Exclusive: Diane Coffee Video Premiere
The former “Kim Possible” star explores dystopian pop on “Like A Child Does.”
32-year-old Shaun Fleming’s career, spanning niche Disney stardom and, more recently, indie acclaim as both a solo artist and a drummer for Foxygen, is bookended by internet culture. Based in Bloomington, Indiana, the former child actor, who goes by the stage name Diane Coffee, embarked on his forthcoming album Internet Arms after coming across the “deepfakes” phenomenon online, in which real people’s faces are spliced with make-believe, often damning scenarios. While Fleming’s current artistic community in Bloomington bares little resemblance to his Hollywood roots, the album’s AI-driven inspo was oddly portended by Fleming’s early acting credits, which ranged from Kim Possible, as tween-hacker twins Tim and Jim, to a never-aired show called Cyberkidz.
As Diane Coffee, Fleming balances a ’70s-inspired sound with an internet-bred, gender-nudging aesthetic. And while the new track, “Like a Child Does,” may hark back to Fleming’s inner “cyberkid,” the sound is as raw and authentic as ever.
V Hey, Shaun. How’s the album coming? Is it done?
Shaun Fleming Yeah, it’s been done for a while. And man, it’s going to be great to finally get all of these tunes out. It’s been hard sitting on and not being able to talk about them. It was probably about six months of writing and recording and then you have to wait another six months to for them to press the vinyl.
V Pressing vinyl? What do you mean by that?
SF There’s only so many pressing plants these days so it takes time to get the records pressed
V Cool. Is that particular to your process? Having a vinyl component?
SF In the last couple years vinyl has actually out-sold CDs. Vinyl is definitely having a comeback. It’s something that I have always done and artists [in my circle] often do. A lot of artists immediately throw their stuff online, which I think is [also] amazing and cool, but I personally really like a tangible object. I like playing records and being able to flip over the actual vinyl, side A and side B.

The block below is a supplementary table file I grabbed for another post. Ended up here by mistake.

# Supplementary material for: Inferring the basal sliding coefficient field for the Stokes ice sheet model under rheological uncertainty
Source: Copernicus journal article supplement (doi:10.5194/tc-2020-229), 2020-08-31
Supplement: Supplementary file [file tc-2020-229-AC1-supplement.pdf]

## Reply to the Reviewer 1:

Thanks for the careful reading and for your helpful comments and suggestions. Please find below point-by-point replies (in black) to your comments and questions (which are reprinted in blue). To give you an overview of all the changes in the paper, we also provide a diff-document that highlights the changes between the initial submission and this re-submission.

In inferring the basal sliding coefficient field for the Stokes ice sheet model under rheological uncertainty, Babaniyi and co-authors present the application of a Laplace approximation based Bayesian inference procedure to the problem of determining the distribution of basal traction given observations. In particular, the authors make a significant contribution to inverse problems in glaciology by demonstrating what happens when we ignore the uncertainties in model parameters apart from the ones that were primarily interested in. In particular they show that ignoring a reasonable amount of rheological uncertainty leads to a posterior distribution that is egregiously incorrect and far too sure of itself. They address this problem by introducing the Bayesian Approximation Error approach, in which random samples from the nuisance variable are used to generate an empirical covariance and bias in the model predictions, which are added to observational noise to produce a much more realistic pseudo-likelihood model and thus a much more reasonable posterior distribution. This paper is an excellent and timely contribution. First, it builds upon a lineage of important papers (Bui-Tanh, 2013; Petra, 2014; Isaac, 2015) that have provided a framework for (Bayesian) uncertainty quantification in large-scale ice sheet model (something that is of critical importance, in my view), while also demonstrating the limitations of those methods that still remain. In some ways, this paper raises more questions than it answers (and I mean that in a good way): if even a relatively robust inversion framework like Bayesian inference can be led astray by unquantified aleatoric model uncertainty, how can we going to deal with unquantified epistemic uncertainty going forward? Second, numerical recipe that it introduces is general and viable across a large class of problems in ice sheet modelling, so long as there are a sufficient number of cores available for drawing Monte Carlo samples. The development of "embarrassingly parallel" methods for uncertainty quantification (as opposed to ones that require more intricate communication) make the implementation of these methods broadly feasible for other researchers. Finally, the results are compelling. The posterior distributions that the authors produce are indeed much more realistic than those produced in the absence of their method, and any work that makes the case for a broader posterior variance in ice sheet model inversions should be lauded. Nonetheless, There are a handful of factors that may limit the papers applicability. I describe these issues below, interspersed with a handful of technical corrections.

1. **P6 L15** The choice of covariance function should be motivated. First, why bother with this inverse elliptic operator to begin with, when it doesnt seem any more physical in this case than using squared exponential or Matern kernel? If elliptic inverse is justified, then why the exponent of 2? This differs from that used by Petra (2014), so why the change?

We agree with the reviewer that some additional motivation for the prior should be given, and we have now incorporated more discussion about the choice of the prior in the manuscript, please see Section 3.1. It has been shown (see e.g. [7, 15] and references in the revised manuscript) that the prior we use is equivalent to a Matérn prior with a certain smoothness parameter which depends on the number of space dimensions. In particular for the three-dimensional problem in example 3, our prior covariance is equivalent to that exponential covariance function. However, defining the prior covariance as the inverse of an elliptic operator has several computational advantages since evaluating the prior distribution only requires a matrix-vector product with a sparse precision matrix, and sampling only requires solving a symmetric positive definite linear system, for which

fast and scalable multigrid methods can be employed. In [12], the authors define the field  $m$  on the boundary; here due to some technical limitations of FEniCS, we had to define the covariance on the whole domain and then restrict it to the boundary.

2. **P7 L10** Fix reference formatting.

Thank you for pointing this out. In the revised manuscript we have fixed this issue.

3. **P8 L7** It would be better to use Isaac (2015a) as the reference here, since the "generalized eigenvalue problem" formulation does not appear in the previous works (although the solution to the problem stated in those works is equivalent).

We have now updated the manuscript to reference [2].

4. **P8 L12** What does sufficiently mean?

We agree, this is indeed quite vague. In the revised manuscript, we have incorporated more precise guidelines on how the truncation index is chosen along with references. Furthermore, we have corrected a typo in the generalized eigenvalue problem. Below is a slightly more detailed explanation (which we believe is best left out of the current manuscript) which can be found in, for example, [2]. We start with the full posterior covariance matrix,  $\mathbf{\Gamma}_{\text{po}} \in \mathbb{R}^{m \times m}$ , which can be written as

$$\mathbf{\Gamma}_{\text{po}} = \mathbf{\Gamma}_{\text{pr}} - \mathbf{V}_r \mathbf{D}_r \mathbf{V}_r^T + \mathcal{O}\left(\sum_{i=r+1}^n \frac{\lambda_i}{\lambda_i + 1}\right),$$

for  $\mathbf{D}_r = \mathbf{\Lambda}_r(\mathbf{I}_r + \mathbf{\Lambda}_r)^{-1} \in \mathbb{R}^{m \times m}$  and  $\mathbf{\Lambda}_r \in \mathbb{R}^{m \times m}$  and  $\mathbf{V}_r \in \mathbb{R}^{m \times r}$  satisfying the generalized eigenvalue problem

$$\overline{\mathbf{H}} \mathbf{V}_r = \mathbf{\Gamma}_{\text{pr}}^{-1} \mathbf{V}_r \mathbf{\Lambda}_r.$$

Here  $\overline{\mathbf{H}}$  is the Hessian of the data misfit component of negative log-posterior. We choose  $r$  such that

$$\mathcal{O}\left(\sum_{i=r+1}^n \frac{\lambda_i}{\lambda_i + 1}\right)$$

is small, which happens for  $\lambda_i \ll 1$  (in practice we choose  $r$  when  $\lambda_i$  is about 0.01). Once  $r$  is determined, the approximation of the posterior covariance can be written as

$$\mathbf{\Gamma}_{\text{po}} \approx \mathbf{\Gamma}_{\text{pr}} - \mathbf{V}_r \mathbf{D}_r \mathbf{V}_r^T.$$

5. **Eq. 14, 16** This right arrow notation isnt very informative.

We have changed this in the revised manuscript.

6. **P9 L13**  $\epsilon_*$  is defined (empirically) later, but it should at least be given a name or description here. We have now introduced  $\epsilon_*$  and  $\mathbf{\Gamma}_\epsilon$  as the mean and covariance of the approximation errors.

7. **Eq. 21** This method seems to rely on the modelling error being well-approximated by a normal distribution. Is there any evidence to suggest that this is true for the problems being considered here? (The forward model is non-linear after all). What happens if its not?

V Can you talk a bit about the concept and how you came upon it?
SF There are definitely multiple songs that are tied, thematically and musically, to my questioning of modern society’s tangled relationship with modern tech. I wanted to create more of a current pop record, as the last couple of records that I have done have been more based in the 70s era of music. And I don’t really have any knowledge of current pop production or anything like that, so this is like what happens when I try to create a super current pop record [laughs]. So that is the sound. But yeah, it was inspired by… Have you heard of like those “deepfakes”?
V Nope I don’t think so!
SF If you want to just go down a Wikipedia rabbit hole, just Google deep fakes. It’s essentially a technique of human image synthesis based on artificial intelligence. You take someone’s videos and pictures that they have posted online, and you dump it into this algorithm and it pretty much makes these really high-end face swaps. It can [create] audio to sound just like the person. So you are seeing it spring up in a lot of sketchy, dark web [corners]. They can have political ramifications, too, if someone wants to create “fake news.” I thought that was fascinating and terrifying, so there is sort of a sub-plot to this record where the world has been taken over by AI. Classic terminator vibes, It’s like what a Diane Coffee record would sound like if I was creating it in a digital landscape.
V Going back to your roots, how did you get into acting?
SF I grew up in Agoura Hills, outside L.A., and my parents weren’t in the film industry but my dad randomly got tied into co-producing on this kids show, which, in hindsight, is actually right in line with this new album. It was called Cyberkidz—with a Z. These kids win this video game and they get sent this virtual reality called Cyber Land. I tell my dad the reason it didn’t take off is because the world wasn’t ready to accept technology [laughs].
V Are you generally pro or skeptical of technology? Or just of modernity in general given your previous ’70s influences?
SF I really want people to understand this is not an anti-tech, anti-social media album, this is still sci-fi; this is still entertainment. I think that technology is an amazing thing and by no means am I trying to say otherwise, I just think it is something we should be talking about and I don’t know if we are talking about it enough. I think feeling nostalgic for certain eras, or the way analog tape, is great, but I am also a big fan of current modern pop digital sounds. I love Robyn and Perfume Genius, Selena Gomez… “Bad Liar” was fire, man. We wanted the album to feel like our interpretation of the digital landscape that the world has been sucked into: a city-scape that is more like a motherboard. I am hoping that comes through with this record.